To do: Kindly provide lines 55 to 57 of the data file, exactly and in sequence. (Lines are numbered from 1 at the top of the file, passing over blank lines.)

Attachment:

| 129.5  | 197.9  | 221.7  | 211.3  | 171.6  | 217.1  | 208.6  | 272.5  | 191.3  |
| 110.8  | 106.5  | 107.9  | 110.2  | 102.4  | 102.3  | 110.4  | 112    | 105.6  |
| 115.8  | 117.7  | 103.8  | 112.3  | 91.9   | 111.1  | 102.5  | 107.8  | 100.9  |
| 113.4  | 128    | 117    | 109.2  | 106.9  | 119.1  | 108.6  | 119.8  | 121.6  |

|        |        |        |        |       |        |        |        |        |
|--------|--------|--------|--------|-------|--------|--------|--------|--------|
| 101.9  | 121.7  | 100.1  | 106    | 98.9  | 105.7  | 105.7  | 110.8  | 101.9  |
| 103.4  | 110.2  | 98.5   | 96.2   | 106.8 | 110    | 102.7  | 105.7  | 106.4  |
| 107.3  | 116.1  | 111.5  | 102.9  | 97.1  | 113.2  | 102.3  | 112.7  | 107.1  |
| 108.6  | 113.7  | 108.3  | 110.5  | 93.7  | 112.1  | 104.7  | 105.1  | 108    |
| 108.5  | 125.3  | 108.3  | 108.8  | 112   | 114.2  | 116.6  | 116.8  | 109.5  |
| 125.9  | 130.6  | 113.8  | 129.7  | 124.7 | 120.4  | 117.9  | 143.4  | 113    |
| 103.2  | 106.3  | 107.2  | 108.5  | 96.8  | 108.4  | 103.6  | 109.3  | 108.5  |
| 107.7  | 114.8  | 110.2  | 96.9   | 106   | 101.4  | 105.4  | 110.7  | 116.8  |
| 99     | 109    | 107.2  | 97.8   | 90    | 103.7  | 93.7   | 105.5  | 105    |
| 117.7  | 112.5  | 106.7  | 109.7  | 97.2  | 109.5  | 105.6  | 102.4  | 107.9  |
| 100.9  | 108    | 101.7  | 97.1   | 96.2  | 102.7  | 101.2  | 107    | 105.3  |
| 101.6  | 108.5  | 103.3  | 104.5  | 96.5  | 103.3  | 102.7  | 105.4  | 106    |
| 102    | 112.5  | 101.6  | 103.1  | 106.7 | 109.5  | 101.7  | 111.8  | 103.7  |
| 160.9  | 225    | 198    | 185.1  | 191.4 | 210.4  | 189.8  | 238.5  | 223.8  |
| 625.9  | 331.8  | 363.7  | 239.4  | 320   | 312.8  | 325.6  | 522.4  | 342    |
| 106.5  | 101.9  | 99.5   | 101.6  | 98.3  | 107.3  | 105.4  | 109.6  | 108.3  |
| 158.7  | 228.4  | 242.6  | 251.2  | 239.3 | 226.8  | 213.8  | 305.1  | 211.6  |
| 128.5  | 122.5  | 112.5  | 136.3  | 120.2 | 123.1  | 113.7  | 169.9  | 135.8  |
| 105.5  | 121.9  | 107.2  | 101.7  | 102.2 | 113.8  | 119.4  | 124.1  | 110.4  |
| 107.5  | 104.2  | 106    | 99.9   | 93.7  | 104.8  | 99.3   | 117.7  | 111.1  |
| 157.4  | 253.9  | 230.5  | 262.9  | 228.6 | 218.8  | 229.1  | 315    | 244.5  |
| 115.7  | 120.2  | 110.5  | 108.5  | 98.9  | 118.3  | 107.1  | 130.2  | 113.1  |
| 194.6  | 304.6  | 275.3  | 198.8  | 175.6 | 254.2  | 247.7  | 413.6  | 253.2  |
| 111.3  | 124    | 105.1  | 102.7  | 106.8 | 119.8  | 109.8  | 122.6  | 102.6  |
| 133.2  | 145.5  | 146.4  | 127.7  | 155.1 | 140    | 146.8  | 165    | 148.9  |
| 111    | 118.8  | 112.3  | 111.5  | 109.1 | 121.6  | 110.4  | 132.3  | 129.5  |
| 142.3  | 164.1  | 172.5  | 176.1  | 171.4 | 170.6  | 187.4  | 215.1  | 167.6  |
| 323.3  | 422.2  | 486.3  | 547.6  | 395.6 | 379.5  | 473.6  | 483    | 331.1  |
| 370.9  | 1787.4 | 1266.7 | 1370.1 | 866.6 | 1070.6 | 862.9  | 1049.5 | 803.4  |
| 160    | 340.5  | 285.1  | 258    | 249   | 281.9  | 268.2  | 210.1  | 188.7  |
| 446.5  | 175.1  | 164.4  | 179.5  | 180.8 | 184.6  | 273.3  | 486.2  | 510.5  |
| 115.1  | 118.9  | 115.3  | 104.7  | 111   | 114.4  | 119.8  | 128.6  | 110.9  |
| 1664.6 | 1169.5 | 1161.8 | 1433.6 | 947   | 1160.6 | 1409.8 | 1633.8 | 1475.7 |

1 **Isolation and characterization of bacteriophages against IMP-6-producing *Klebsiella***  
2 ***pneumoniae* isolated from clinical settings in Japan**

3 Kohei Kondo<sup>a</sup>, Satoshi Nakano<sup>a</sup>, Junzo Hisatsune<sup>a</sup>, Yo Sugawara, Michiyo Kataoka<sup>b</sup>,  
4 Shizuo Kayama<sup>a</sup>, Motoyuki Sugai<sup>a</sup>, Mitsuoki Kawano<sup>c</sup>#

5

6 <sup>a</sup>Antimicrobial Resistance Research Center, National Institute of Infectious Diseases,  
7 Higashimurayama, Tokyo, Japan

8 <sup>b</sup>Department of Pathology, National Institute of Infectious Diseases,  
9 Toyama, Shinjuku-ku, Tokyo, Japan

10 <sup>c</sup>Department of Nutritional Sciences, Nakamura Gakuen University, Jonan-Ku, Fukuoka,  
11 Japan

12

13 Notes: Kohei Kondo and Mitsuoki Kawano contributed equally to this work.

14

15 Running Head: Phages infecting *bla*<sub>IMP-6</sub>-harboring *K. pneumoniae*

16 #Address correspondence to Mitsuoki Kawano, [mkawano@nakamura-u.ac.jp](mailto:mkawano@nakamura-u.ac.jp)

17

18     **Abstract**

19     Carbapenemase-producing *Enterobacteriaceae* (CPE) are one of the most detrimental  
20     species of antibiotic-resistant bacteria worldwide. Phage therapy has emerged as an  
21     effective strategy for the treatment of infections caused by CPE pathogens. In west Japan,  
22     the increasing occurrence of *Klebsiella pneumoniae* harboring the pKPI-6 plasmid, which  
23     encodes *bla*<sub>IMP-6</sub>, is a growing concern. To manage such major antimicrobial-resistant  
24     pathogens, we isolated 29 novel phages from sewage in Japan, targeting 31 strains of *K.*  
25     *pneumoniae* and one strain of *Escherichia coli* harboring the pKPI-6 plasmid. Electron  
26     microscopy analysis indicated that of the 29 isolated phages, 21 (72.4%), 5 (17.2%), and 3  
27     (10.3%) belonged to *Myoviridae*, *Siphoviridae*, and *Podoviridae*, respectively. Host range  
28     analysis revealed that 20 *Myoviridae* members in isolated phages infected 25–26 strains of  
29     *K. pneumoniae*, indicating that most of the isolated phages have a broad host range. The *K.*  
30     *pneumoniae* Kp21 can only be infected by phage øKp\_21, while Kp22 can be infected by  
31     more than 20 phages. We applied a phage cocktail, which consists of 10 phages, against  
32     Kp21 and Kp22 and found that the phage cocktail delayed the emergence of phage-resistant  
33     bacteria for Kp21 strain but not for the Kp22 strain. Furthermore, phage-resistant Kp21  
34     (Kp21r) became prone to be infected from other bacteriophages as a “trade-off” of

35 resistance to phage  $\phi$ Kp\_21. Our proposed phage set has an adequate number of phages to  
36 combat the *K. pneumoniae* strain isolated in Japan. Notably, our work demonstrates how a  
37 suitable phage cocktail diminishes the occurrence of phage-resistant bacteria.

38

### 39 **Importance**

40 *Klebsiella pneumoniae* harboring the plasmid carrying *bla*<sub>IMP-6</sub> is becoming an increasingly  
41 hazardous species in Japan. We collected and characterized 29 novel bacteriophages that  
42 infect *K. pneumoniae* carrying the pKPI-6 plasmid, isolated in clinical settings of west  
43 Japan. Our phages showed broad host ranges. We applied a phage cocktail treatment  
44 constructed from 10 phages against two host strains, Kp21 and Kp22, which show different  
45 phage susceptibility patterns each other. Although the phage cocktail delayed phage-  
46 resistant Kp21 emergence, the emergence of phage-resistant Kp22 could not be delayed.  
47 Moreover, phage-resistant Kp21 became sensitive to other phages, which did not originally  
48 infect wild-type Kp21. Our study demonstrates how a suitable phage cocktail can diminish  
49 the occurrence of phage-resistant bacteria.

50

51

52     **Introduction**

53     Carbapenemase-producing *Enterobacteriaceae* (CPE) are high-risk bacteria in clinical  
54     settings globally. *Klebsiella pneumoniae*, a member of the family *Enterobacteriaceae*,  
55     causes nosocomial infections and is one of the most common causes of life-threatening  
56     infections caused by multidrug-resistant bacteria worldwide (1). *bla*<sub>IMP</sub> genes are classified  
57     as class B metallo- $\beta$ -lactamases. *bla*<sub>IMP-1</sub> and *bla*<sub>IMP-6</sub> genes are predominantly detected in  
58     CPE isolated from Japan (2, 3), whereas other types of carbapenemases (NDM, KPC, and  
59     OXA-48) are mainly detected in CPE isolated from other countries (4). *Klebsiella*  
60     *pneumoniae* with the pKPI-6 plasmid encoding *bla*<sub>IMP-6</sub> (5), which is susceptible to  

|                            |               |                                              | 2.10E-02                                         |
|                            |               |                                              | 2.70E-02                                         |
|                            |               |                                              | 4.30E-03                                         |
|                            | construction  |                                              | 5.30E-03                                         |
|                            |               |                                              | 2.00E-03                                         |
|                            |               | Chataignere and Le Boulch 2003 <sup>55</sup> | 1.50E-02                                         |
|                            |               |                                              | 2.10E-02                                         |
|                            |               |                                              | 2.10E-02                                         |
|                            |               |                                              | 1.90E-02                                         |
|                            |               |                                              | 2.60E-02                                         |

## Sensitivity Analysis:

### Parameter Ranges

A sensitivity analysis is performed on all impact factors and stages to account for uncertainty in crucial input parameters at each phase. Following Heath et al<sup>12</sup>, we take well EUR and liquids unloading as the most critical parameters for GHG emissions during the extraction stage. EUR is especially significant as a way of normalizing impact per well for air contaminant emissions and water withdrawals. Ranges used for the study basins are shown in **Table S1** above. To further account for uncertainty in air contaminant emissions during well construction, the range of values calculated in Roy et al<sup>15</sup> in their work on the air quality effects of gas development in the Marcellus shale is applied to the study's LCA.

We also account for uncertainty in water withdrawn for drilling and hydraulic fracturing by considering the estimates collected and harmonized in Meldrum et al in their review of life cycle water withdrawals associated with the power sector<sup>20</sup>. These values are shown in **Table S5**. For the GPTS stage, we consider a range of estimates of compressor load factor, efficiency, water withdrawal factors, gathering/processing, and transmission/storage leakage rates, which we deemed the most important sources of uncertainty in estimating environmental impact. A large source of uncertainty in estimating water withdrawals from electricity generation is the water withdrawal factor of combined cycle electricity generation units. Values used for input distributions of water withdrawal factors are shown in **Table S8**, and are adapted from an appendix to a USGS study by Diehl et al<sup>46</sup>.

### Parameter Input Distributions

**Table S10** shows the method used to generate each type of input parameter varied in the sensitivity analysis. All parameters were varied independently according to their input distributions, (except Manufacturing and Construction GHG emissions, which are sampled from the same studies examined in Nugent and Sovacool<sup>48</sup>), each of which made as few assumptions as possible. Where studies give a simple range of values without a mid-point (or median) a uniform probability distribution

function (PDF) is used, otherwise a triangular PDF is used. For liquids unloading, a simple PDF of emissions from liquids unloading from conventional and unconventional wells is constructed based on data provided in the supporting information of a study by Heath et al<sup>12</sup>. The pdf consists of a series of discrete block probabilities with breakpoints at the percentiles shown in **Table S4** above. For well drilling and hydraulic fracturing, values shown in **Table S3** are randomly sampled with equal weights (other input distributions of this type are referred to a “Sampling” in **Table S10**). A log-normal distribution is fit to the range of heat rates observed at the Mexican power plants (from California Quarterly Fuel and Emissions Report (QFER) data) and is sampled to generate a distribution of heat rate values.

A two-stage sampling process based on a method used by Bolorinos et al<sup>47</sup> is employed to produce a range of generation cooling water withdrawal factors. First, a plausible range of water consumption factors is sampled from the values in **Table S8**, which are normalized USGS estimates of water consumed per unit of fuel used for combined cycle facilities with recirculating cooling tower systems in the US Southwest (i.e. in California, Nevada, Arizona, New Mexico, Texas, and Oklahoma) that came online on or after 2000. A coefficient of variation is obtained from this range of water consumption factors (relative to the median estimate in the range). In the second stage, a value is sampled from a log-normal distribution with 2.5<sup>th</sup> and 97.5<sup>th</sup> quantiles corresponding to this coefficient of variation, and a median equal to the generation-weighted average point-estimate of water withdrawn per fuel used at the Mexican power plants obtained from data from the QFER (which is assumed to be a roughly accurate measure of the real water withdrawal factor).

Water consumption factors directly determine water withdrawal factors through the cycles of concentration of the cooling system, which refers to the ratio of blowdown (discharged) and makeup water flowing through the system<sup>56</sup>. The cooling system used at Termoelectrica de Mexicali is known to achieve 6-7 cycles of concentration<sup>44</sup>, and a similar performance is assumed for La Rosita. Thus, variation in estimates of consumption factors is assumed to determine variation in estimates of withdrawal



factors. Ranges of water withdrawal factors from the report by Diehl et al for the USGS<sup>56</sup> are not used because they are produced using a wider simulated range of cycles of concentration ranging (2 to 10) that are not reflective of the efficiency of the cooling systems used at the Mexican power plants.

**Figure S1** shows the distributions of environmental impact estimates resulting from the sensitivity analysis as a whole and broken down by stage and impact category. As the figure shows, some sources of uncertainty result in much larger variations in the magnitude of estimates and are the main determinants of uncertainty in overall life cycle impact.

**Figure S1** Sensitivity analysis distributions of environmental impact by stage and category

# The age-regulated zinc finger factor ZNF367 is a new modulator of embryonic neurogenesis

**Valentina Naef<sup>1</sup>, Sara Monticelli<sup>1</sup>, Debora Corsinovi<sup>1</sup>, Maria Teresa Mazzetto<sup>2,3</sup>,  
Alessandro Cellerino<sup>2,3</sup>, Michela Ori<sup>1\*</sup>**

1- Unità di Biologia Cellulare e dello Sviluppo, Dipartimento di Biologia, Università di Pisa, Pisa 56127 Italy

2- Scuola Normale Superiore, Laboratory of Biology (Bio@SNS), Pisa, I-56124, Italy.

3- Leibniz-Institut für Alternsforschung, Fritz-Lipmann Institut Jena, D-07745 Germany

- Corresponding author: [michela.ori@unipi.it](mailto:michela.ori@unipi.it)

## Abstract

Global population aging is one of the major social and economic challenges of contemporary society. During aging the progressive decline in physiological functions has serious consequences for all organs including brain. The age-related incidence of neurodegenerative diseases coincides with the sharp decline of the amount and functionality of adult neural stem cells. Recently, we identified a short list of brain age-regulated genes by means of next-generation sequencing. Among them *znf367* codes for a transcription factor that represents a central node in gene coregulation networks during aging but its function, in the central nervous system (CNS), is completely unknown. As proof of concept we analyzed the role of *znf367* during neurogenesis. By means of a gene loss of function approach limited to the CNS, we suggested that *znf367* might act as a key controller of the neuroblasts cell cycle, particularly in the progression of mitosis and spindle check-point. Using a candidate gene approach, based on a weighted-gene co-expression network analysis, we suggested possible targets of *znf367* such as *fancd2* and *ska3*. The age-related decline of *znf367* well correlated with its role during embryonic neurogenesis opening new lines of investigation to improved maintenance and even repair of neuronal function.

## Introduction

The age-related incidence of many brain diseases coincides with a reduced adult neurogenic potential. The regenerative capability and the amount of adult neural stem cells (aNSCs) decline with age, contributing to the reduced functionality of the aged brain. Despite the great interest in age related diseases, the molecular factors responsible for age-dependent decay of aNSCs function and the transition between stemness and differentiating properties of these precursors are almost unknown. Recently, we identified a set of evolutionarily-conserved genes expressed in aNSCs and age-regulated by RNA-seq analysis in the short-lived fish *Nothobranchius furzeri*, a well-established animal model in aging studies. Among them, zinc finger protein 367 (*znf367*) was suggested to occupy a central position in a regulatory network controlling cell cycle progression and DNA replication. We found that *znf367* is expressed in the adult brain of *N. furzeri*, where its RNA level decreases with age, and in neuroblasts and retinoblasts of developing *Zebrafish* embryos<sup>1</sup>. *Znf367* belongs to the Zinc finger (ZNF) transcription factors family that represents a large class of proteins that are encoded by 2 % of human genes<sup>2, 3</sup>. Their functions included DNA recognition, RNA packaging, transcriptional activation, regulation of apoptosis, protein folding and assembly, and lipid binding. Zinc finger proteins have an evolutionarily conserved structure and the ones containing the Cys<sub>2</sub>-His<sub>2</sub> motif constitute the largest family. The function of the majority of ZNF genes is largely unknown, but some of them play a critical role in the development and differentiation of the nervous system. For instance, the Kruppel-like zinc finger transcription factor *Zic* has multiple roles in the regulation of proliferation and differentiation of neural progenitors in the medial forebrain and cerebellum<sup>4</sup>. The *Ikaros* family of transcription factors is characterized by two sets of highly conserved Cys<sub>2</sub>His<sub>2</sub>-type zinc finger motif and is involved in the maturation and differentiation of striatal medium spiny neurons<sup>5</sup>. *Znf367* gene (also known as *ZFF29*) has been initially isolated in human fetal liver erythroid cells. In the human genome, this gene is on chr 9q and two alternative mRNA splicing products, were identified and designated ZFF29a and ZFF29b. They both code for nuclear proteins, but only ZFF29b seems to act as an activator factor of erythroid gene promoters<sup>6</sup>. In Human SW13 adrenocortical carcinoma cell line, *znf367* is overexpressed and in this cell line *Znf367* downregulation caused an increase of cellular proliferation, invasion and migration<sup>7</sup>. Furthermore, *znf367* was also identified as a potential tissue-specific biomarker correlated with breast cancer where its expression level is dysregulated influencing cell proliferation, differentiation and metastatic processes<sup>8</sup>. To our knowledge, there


16 #Address correspondence to Mitsuoki Kawano, [mkawano@nakamura-u.ac.jp](mailto:mkawano@nakamura-u.ac.jp)

17

18     **Abstract**